The Manhattan mill has started up again after a couple of weeks rest for much needed repairs to the roasting furnace and sundry improvements to the machinery. There is plenty of rich ore in the ore houses and in sight in the mine to keep the mill running for an indefinite length of time. The big Comstock plunger pump at the Frost shaft, of which I have heretofore made mention, has been running regularly ever since it first started, nearly three months ago, and does even better service than was expected of it. The pump, as stated, was from the Sierra Nevada mine and the bob from the Woodville, Lower Gold Hill. Having better foundations and being set up far better than it was originally, that ponderous bob works very much smoother and more perfectly than it ever did before; in fact the whole arrangement constitutes a very effective, economical and thoroughly satisfactory piece of machinery. Near the huge tank or reservoir into which this pump discharges, a powerful steam pump has recently been located for the purpose of forcing the water to the hoisting works of the neighboring mines, and also supplying the hydrants about the new and extensive buildings erected at the Frost shaft, giving prompt and effective protection in case of fire.


The present cold snap is discouraging and unprofitable to ice-dealers. Joaquin Patargo, who hauls Reese river to town every season and peddles it out in a frozen state, has ice in his storehouse over three years old. It keeps first-rate, not even getting mouldy or wormy.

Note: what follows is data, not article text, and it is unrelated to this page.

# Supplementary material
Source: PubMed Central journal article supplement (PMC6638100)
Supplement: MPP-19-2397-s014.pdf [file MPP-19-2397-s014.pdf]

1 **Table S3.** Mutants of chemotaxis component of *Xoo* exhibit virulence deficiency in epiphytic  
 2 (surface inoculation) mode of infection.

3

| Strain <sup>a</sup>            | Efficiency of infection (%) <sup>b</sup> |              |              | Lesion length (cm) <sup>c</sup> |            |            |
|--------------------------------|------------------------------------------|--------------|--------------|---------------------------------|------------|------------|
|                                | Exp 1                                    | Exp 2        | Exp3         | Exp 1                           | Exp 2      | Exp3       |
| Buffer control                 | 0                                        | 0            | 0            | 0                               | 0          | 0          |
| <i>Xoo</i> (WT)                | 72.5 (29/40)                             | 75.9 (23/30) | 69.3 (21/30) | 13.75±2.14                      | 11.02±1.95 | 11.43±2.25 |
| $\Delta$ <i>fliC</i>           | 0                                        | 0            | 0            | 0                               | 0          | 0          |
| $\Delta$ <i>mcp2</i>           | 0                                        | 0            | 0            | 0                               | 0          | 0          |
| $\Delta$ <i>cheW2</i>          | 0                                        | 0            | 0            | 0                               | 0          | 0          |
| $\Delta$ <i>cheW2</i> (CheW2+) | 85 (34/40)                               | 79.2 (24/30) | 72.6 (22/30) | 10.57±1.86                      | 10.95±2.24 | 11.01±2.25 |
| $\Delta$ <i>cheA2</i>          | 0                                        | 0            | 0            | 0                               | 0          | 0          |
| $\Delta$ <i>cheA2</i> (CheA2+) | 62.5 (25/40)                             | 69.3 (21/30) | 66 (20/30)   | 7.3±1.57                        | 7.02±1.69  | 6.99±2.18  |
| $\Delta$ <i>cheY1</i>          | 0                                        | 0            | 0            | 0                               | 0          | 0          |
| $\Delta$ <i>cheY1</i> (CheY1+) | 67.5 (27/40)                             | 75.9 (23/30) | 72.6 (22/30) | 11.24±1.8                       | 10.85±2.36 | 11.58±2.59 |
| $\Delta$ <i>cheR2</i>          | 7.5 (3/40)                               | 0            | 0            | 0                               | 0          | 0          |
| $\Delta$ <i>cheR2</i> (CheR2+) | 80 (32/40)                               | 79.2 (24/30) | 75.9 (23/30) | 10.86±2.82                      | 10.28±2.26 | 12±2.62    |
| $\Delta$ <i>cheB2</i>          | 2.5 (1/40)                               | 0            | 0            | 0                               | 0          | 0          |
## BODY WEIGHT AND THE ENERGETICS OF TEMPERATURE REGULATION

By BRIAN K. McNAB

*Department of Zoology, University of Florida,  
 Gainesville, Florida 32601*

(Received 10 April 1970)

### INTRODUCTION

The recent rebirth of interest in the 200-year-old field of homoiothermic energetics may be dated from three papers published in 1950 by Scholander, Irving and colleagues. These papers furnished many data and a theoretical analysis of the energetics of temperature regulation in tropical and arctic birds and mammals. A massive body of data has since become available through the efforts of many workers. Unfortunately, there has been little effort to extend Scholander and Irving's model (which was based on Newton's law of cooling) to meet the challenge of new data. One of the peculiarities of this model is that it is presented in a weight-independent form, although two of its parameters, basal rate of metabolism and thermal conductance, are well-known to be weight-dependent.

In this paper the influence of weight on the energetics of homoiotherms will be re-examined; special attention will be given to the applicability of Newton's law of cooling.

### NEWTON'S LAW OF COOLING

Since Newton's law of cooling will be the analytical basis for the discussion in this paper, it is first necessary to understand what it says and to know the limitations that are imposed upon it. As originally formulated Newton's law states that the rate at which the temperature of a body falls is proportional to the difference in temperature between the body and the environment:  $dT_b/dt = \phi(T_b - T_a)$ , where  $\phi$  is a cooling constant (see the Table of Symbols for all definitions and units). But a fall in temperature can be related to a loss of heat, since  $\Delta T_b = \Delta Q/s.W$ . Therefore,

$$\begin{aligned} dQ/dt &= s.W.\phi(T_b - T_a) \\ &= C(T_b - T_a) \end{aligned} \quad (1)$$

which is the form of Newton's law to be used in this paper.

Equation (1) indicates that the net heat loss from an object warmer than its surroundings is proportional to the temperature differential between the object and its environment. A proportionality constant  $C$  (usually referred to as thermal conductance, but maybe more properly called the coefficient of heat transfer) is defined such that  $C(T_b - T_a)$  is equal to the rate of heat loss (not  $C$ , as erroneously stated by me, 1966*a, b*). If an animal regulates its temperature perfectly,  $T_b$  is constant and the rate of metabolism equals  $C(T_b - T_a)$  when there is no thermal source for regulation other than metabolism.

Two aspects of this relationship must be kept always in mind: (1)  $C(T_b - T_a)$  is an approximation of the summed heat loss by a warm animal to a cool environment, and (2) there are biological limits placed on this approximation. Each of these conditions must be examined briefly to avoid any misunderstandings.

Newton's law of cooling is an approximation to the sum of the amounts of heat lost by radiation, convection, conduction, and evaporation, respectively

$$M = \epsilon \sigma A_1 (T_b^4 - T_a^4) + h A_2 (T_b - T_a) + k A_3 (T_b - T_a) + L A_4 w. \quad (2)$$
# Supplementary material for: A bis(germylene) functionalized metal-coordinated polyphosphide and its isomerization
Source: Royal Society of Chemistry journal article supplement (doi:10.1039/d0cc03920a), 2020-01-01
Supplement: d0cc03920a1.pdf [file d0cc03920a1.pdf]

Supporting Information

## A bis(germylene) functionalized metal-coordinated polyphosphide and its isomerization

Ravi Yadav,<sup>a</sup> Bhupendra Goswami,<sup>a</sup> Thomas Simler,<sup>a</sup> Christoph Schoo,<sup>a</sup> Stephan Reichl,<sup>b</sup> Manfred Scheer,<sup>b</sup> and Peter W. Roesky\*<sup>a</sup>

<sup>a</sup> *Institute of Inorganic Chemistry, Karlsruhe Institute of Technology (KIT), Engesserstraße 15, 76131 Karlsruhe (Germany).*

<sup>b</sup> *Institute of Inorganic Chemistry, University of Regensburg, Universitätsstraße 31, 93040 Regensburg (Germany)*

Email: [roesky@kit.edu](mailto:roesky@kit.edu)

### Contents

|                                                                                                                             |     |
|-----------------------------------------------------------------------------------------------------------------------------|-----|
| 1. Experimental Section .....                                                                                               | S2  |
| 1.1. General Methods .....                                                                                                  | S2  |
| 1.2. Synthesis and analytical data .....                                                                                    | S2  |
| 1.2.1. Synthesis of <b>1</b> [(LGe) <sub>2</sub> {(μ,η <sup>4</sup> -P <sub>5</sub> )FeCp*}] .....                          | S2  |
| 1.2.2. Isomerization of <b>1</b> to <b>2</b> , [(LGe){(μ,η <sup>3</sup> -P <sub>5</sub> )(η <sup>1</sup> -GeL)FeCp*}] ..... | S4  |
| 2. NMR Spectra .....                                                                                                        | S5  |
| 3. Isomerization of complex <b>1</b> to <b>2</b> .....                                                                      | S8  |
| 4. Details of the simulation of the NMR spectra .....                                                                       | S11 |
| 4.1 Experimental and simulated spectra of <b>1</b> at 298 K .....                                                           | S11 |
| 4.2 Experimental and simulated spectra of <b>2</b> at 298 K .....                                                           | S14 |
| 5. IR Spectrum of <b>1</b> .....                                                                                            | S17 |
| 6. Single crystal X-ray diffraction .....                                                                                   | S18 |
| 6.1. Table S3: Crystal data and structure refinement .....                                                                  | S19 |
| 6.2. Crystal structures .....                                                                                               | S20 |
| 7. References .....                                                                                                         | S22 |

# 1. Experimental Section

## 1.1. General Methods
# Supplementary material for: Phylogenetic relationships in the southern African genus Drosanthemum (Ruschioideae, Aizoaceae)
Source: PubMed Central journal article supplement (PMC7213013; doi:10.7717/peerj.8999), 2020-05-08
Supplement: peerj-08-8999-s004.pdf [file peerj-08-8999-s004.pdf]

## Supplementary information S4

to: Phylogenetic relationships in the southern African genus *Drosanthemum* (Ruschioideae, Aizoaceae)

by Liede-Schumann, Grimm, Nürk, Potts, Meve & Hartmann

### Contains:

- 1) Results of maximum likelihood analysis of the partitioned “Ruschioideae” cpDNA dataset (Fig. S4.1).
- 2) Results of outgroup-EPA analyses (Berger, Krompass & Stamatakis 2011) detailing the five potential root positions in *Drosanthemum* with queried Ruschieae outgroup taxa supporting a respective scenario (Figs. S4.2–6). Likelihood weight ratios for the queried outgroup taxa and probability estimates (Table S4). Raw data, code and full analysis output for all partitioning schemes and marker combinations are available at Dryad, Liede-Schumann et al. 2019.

A good-looking young lady the other morning stepped into a saloon and struck the barkeeper across the face with a cowhide, remarking: "I'll learn you how to talk about me. I'm too good for you to talk about." Then she left him, wondering what it was all about. The cowhide only made a little welt or dent across the corner of his eye, so he considered it a case of mistaken identity, until he could make further inquiries. Anyhow, he don't like that style of lick-er.

A few days ago, at Watson & Williams' blacksmith shop, I observed a small herd of cows being shod. They were young animals, of fine breed, and being driven from Salt Lake Valley to California. Their feet became worn and tender, so that shoeing became a necessity.

The curfew bell ringing at 8 o'clock every evening, still works to a charm, sending all the little boys home at the proper time. And everybody counts to see that Chief of Police King doesn't miss a stroke. There being so many candidates in the field for the various county offices, numerous sore-heads naturally resulted from the Democratic Convention, and many more will result from the Republican Convention to-morrow. Political buzzing is the chief feature among the general public just now.